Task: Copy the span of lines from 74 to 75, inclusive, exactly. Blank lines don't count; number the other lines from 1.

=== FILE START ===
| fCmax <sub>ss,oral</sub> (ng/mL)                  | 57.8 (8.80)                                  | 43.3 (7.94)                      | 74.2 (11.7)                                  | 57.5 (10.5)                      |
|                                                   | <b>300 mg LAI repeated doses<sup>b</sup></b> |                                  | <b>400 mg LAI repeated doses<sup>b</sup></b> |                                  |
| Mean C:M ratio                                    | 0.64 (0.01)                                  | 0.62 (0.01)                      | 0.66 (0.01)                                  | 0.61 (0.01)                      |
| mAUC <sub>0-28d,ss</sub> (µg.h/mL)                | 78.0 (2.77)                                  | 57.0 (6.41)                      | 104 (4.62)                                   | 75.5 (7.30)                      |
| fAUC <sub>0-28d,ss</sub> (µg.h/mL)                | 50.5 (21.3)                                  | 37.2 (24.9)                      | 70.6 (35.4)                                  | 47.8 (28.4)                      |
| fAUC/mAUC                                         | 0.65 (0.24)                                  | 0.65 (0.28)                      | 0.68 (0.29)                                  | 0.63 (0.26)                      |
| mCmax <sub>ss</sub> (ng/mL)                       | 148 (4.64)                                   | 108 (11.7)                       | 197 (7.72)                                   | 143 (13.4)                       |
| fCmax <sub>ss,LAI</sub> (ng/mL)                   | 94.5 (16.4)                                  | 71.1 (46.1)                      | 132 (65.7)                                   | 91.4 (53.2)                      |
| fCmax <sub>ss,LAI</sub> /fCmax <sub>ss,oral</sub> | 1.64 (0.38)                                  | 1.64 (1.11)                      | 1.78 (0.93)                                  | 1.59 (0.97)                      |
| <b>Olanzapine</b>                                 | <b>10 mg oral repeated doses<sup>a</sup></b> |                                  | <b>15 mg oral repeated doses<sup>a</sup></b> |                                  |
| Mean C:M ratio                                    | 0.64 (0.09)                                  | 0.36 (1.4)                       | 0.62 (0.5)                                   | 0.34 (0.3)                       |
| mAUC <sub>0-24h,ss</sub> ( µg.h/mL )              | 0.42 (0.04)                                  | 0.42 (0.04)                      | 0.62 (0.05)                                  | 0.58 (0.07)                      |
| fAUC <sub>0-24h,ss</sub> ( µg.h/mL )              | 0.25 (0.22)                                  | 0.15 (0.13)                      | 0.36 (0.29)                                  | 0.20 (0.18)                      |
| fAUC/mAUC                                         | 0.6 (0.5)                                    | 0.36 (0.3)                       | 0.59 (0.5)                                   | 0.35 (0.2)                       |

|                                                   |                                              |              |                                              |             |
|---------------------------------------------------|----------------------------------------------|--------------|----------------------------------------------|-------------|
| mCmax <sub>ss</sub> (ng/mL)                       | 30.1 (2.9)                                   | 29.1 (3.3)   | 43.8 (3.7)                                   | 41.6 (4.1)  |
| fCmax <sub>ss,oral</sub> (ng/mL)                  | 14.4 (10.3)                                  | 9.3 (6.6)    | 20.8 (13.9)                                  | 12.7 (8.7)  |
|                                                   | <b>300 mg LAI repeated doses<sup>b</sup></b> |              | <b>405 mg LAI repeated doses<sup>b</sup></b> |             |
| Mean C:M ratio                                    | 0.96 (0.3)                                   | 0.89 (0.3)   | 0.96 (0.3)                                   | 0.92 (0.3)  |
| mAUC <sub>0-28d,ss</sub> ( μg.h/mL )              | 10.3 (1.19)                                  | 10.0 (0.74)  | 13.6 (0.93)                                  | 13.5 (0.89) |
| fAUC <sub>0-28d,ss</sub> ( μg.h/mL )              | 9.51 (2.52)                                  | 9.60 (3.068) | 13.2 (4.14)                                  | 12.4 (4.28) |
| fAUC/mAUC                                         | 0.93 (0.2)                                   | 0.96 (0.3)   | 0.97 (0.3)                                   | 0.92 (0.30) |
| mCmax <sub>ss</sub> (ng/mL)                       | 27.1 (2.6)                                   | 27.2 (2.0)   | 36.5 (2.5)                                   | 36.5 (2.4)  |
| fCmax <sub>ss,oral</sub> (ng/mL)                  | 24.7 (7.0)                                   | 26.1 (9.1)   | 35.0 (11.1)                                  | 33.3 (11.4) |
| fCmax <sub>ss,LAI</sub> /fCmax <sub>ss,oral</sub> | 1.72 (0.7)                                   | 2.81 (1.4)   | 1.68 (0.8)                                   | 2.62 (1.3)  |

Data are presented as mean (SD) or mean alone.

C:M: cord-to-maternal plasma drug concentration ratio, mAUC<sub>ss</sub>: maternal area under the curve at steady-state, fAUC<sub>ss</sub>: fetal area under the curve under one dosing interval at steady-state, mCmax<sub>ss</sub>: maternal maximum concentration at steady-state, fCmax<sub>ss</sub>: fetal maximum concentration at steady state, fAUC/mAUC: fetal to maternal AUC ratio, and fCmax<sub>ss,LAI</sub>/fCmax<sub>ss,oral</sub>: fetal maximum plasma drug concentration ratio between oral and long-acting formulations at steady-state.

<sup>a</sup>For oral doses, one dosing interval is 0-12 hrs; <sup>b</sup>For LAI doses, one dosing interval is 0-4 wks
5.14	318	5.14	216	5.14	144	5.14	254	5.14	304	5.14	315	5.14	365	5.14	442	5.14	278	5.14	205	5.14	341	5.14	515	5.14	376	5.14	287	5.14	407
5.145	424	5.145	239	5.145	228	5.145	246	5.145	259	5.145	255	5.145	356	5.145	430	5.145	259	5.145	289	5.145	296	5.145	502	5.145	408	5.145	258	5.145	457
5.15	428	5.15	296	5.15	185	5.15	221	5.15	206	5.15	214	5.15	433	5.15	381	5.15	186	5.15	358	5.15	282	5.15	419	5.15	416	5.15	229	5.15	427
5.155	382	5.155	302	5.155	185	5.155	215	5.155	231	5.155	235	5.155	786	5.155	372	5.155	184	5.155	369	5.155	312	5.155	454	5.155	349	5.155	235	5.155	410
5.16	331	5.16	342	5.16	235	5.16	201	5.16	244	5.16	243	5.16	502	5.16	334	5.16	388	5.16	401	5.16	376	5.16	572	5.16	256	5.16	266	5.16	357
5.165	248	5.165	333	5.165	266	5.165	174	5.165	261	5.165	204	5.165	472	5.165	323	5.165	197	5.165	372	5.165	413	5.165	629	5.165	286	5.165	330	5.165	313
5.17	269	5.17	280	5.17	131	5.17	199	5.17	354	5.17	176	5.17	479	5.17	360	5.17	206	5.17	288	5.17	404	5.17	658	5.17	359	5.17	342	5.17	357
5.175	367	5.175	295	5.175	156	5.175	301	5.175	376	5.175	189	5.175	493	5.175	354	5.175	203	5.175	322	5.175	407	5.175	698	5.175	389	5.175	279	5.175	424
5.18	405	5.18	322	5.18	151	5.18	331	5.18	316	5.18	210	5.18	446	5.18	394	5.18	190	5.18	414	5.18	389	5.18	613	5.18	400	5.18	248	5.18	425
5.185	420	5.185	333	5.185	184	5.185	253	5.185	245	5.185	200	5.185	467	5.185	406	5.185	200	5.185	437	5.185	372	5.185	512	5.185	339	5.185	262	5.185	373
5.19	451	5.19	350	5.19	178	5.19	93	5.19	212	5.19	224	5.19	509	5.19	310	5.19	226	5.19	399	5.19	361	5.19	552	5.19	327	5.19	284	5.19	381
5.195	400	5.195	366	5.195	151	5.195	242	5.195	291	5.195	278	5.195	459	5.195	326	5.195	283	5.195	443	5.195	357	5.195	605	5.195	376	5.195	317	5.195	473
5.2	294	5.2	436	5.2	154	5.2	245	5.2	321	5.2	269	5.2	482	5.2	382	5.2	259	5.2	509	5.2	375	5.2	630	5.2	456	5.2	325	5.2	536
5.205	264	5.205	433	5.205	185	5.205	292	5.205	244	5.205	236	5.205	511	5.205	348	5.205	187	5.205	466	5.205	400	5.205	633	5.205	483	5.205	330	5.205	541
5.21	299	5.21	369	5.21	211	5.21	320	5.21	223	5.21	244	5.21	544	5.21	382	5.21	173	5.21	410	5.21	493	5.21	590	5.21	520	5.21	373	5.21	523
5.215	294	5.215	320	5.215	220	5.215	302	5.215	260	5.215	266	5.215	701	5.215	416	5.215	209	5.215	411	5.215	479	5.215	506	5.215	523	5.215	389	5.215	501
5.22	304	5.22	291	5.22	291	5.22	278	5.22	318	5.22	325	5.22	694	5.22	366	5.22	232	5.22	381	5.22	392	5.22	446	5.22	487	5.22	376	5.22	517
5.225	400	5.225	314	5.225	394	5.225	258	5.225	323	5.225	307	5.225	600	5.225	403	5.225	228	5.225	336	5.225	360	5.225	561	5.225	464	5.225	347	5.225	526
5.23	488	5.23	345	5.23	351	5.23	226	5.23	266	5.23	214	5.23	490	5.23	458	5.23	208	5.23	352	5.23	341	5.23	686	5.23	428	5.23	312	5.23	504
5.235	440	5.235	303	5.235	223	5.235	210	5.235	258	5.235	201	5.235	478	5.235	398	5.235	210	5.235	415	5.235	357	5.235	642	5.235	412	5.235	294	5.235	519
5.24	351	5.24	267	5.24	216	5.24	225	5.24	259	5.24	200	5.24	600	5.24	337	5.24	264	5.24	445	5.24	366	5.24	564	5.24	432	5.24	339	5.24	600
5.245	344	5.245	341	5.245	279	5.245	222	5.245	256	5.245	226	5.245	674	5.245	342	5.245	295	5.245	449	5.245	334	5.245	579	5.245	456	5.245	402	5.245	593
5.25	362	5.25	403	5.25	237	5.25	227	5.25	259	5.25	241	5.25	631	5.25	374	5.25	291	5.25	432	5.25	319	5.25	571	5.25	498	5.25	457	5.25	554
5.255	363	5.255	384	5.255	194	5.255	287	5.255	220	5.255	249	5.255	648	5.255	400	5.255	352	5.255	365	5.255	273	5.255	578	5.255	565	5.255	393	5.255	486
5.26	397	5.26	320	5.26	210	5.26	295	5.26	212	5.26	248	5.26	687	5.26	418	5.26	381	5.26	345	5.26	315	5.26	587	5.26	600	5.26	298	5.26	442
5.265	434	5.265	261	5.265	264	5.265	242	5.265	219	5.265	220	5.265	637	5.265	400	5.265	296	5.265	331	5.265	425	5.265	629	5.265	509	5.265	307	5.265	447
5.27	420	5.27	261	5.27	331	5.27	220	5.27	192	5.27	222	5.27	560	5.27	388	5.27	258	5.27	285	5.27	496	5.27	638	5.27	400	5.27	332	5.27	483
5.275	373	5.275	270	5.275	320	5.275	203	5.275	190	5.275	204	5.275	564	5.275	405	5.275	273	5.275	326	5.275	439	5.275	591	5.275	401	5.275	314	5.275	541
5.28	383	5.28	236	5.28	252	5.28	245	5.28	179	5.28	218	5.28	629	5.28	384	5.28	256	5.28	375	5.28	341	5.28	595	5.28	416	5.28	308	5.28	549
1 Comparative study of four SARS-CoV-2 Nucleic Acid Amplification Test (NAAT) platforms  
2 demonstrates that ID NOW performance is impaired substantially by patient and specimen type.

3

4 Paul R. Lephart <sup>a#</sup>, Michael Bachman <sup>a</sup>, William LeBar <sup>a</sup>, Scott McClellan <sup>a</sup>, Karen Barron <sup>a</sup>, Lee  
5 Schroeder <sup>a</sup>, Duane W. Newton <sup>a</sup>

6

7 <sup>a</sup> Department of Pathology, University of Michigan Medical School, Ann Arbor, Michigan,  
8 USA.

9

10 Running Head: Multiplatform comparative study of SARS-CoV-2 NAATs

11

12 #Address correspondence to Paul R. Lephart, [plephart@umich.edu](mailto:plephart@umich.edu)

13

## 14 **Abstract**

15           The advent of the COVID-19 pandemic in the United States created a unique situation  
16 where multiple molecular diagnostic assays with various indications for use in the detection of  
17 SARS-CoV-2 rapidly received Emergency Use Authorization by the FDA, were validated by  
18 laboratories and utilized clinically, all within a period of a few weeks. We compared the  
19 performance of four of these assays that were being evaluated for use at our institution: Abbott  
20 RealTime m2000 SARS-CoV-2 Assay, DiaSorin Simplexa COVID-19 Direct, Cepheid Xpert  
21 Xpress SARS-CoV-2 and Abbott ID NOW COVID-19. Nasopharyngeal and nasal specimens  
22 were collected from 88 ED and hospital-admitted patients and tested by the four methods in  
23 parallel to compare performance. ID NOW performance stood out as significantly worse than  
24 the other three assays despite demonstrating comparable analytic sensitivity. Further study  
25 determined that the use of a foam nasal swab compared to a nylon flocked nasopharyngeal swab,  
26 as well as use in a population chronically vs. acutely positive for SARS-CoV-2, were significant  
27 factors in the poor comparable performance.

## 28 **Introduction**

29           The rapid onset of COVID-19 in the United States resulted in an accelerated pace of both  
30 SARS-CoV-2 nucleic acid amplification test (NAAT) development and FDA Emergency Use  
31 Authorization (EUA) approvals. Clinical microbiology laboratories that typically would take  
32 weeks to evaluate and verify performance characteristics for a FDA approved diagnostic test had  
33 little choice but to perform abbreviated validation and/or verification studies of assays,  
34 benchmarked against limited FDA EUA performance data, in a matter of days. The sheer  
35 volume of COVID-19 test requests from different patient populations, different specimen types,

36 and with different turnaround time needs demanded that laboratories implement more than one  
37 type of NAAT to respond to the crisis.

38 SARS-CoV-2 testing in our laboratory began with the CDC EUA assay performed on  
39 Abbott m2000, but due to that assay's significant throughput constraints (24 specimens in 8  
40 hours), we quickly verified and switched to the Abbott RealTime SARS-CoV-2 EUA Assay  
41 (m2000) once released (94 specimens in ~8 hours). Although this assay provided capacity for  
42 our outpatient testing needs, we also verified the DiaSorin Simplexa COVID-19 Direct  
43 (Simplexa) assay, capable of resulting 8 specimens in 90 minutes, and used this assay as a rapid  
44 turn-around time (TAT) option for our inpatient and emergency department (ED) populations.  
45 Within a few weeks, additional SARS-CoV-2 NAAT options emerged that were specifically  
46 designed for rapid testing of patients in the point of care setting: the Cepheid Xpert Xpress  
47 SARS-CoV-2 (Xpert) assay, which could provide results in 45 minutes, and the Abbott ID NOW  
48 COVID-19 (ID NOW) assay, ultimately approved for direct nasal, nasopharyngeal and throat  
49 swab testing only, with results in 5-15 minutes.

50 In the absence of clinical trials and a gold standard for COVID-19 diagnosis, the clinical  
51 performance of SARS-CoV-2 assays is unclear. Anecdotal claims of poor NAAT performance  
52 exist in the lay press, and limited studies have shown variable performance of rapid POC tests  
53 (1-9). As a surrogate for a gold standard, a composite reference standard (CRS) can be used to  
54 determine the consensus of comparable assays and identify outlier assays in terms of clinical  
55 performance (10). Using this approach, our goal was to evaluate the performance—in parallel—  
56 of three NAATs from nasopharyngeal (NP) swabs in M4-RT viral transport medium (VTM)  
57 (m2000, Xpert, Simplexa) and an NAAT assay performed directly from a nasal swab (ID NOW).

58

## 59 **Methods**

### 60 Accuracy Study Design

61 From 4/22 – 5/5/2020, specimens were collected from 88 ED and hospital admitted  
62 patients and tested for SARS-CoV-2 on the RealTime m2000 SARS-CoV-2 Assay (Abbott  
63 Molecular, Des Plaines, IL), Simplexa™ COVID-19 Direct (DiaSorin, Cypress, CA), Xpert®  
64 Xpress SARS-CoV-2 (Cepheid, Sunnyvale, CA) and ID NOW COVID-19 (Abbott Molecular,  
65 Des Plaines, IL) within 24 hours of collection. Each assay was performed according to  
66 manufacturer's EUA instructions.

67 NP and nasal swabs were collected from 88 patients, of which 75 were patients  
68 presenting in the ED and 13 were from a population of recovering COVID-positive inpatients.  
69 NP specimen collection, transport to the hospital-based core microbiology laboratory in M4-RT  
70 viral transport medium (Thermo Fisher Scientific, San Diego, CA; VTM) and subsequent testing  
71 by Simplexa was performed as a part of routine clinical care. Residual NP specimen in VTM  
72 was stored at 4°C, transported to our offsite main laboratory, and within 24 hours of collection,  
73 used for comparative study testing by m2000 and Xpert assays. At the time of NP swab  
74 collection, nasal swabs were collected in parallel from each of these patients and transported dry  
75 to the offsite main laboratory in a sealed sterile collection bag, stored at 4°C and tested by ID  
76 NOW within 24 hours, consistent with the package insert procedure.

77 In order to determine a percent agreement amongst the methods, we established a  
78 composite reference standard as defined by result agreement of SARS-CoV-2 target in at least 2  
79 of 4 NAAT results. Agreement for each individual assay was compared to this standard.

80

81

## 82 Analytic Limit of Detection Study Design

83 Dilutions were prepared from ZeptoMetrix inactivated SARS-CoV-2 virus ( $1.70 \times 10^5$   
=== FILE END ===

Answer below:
16 where multiple molecular diagnostic assays with various indications for use in the detection of  
17 SARS-CoV-2 rapidly received Emergency Use Authorization by the FDA, were validated by  